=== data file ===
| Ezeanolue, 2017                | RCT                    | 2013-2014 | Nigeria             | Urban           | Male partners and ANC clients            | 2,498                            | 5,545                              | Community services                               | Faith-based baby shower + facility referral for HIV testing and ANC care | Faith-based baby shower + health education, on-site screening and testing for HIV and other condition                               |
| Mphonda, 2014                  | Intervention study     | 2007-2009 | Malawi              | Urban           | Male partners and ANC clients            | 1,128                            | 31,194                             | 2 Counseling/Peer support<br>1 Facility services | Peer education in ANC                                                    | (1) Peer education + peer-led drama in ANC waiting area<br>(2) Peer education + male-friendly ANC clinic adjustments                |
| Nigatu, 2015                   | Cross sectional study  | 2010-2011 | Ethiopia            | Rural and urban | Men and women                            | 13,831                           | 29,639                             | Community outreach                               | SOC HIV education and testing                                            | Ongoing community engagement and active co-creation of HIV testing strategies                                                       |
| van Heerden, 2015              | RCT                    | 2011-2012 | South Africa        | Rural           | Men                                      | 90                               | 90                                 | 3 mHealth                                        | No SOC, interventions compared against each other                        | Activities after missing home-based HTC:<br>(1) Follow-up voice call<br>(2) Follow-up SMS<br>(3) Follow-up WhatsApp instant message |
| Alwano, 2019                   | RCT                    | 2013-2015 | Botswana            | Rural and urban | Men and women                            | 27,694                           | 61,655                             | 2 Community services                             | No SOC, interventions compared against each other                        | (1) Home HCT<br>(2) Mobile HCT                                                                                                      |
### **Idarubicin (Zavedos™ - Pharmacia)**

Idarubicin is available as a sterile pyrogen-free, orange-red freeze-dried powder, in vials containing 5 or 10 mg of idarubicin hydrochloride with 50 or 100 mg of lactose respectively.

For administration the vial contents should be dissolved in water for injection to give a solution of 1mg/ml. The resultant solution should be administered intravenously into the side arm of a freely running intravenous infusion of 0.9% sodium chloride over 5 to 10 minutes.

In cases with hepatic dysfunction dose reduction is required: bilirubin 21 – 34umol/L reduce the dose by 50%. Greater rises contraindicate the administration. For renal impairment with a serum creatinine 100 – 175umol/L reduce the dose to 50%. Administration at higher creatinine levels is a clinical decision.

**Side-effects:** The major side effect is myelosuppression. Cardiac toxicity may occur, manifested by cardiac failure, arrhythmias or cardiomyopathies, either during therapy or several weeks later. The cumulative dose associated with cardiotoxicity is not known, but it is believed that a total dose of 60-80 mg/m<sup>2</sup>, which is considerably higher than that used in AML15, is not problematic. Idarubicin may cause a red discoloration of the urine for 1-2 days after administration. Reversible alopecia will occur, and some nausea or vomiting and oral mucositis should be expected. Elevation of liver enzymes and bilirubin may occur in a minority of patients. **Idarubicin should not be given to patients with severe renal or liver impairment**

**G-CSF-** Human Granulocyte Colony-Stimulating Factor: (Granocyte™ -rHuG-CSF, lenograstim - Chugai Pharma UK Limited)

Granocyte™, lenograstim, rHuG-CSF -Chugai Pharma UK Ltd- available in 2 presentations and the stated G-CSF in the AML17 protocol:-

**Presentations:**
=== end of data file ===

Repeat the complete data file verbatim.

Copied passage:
| Ezeanolue, 2017                | RCT                    | 2013-2014 | Nigeria             | Urban           | Male partners and ANC clients            | 2,498                            | 5,545                              | Community services                               | Faith-based baby shower + facility referral for HIV testing and ANC care | Faith-based baby shower + health education, on-site screening and testing for HIV and other condition                               |
| Mphonda, 2014                  | Intervention study     | 2007-2009 | Malawi              | Urban           | Male partners and ANC clients            | 1,128                            | 31,194                             | 2 Counseling/Peer support<br>1 Facility services | Peer education in ANC                                                    | (1) Peer education + peer-led drama in ANC waiting area<br>(2) Peer education + male-friendly ANC clinic adjustments                |
| Nigatu, 2015                   | Cross sectional study  | 2010-2011 | Ethiopia            | Rural and urban | Men and women                            | 13,831                           | 29,639                             | Community outreach                               | SOC HIV education and testing                                            | Ongoing community engagement and active co-creation of HIV testing strategies                                                       |
| van Heerden, 2015              | RCT                    | 2011-2012 | South Africa        | Rural           | Men                                      | 90                               | 90                                 | 3 mHealth                                        | No SOC, interventions compared against each other                        | Activities after missing home-based HTC:<br>(1) Follow-up voice call<br>(2) Follow-up SMS<br>(3) Follow-up WhatsApp instant message |
| Alwano, 2019                   | RCT                    | 2013-2015 | Botswana            | Rural and urban | Men and women                            | 27,694                           | 61,655                             | 2 Community services                             | No SOC, interventions compared against each other                        | (1) Home HCT<br>(2) Mobile HCT                                                                                                      |
### **Idarubicin (Zavedos™ - Pharmacia)**

Idarubicin is available as a sterile pyrogen-free, orange-red freeze-dried powder, in vials containing 5 or 10 mg of idarubicin hydrochloride with 50 or 100 mg of lactose respectively.

For administration the vial contents should be dissolved in water for injection to give a solution of 1mg/ml. The resultant solution should be administered intravenously into the side arm of a freely running intravenous infusion of 0.9% sodium chloride over 5 to 10 minutes.

In cases with hepatic dysfunction dose reduction is required: bilirubin 21 – 34umol/L reduce the dose by 50%. Greater rises contraindicate the administration. For renal impairment with a serum creatinine 100 – 175umol/L reduce the dose to 50%. Administration at higher creatinine levels is a clinical decision.

**Side-effects:** The major side effect is myelosuppression. Cardiac toxicity may occur, manifested by cardiac failure, arrhythmias or cardiomyopathies, either during therapy or several weeks later. The cumulative dose associated with cardiotoxicity is not known, but it is believed that a total dose of 60-80 mg/m<sup>2</sup>, which is considerably higher than that used in AML15, is not problematic. Idarubicin may cause a red discoloration of the urine for 1-2 days after administration. Reversible alopecia will occur, and some nausea or vomiting and oral mucositis should be expected. Elevation of liver enzymes and bilirubin may occur in a minority of patients. **Idarubicin should not be given to patients with severe renal or liver impairment**

**G-CSF-** Human Granulocyte Colony-Stimulating Factor: (Granocyte™ -rHuG-CSF, lenograstim - Chugai Pharma UK Limited)

Granocyte™, lenograstim, rHuG-CSF -Chugai Pharma UK Ltd- available in 2 presentations and the stated G-CSF in the AML17 protocol:-

**Presentations:**